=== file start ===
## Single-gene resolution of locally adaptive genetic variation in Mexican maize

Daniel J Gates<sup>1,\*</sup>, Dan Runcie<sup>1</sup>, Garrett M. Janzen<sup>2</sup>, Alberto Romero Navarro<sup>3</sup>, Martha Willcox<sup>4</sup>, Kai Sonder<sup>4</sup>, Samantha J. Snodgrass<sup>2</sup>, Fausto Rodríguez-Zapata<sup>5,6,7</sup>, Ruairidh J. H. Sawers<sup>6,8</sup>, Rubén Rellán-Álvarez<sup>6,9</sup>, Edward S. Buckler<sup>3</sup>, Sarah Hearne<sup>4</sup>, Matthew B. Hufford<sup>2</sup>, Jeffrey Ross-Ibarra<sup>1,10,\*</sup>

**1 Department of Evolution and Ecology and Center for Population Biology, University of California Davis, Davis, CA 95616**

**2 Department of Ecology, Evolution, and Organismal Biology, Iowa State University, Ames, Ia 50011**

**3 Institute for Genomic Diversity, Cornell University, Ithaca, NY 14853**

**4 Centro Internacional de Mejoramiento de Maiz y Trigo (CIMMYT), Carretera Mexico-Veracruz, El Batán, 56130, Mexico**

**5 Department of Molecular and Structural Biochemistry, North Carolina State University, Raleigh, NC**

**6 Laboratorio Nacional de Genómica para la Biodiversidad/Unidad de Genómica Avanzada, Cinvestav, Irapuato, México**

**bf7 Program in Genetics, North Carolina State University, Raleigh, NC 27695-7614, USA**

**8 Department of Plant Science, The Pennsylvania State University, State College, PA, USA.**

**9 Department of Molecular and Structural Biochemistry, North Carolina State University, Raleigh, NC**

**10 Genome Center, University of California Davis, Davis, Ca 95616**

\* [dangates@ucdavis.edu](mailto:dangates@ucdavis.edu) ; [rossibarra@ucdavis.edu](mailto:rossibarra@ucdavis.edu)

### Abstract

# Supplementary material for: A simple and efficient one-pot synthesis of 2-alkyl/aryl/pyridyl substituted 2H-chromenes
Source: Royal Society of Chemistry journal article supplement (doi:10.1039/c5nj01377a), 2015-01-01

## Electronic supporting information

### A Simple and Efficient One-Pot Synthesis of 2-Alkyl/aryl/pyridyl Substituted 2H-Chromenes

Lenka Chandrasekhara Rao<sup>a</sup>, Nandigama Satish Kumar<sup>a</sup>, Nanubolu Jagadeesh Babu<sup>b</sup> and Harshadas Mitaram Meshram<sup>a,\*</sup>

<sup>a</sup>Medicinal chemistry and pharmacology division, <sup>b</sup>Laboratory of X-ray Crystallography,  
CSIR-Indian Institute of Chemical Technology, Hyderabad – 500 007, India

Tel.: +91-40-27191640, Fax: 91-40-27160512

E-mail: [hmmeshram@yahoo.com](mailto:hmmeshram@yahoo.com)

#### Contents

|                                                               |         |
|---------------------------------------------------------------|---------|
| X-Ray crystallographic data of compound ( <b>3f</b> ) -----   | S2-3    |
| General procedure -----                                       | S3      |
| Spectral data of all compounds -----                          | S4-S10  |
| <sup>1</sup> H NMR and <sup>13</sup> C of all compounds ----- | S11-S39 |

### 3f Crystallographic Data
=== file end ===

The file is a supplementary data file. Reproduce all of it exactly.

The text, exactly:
## Single-gene resolution of locally adaptive genetic variation in Mexican maize

Daniel J Gates<sup>1,\*</sup>, Dan Runcie<sup>1</sup>, Garrett M. Janzen<sup>2</sup>, Alberto Romero Navarro<sup>3</sup>, Martha Willcox<sup>4</sup>, Kai Sonder<sup>4</sup>, Samantha J. Snodgrass<sup>2</sup>, Fausto Rodríguez-Zapata<sup>5,6,7</sup>, Ruairidh J. H. Sawers<sup>6,8</sup>, Rubén Rellán-Álvarez<sup>6,9</sup>, Edward S. Buckler<sup>3</sup>, Sarah Hearne<sup>4</sup>, Matthew B. Hufford<sup>2</sup>, Jeffrey Ross-Ibarra<sup>1,10,\*</sup>

**1 Department of Evolution and Ecology and Center for Population Biology, University of California Davis, Davis, CA 95616**

**2 Department of Ecology, Evolution, and Organismal Biology, Iowa State University, Ames, Ia 50011**

**3 Institute for Genomic Diversity, Cornell University, Ithaca, NY 14853**

**4 Centro Internacional de Mejoramiento de Maiz y Trigo (CIMMYT), Carretera Mexico-Veracruz, El Batán, 56130, Mexico**

**5 Department of Molecular and Structural Biochemistry, North Carolina State University, Raleigh, NC**

**6 Laboratorio Nacional de Genómica para la Biodiversidad/Unidad de Genómica Avanzada, Cinvestav, Irapuato, México**

**bf7 Program in Genetics, North Carolina State University, Raleigh, NC 27695-7614, USA**

**8 Department of Plant Science, The Pennsylvania State University, State College, PA, USA.**

**9 Department of Molecular and Structural Biochemistry, North Carolina State University, Raleigh, NC**

**10 Genome Center, University of California Davis, Davis, Ca 95616**

\* [dangates@ucdavis.edu](mailto:dangates@ucdavis.edu) ; [rossibarra@ucdavis.edu](mailto:rossibarra@ucdavis.edu)

### Abstract

# Supplementary material for: A simple and efficient one-pot synthesis of 2-alkyl/aryl/pyridyl substituted 2H-chromenes
Source: Royal Society of Chemistry journal article supplement (doi:10.1039/c5nj01377a), 2015-01-01

## Electronic supporting information

### A Simple and Efficient One-Pot Synthesis of 2-Alkyl/aryl/pyridyl Substituted 2H-Chromenes

Lenka Chandrasekhara Rao<sup>a</sup>, Nandigama Satish Kumar<sup>a</sup>, Nanubolu Jagadeesh Babu<sup>b</sup> and Harshadas Mitaram Meshram<sup>a,\*</sup>

<sup>a</sup>Medicinal chemistry and pharmacology division, <sup>b</sup>Laboratory of X-ray Crystallography,  
CSIR-Indian Institute of Chemical Technology, Hyderabad – 500 007, India

Tel.: +91-40-27191640, Fax: 91-40-27160512

E-mail: [hmmeshram@yahoo.com](mailto:hmmeshram@yahoo.com)

#### Contents

|                                                               |         |
|---------------------------------------------------------------|---------|
| X-Ray crystallographic data of compound ( <b>3f</b> ) -----   | S2-3    |
| General procedure -----                                       | S3      |
| Spectral data of all compounds -----                          | S4-S10  |
| <sup>1</sup> H NMR and <sup>13</sup> C of all compounds ----- | S11-S39 |

### 3f Crystallographic Data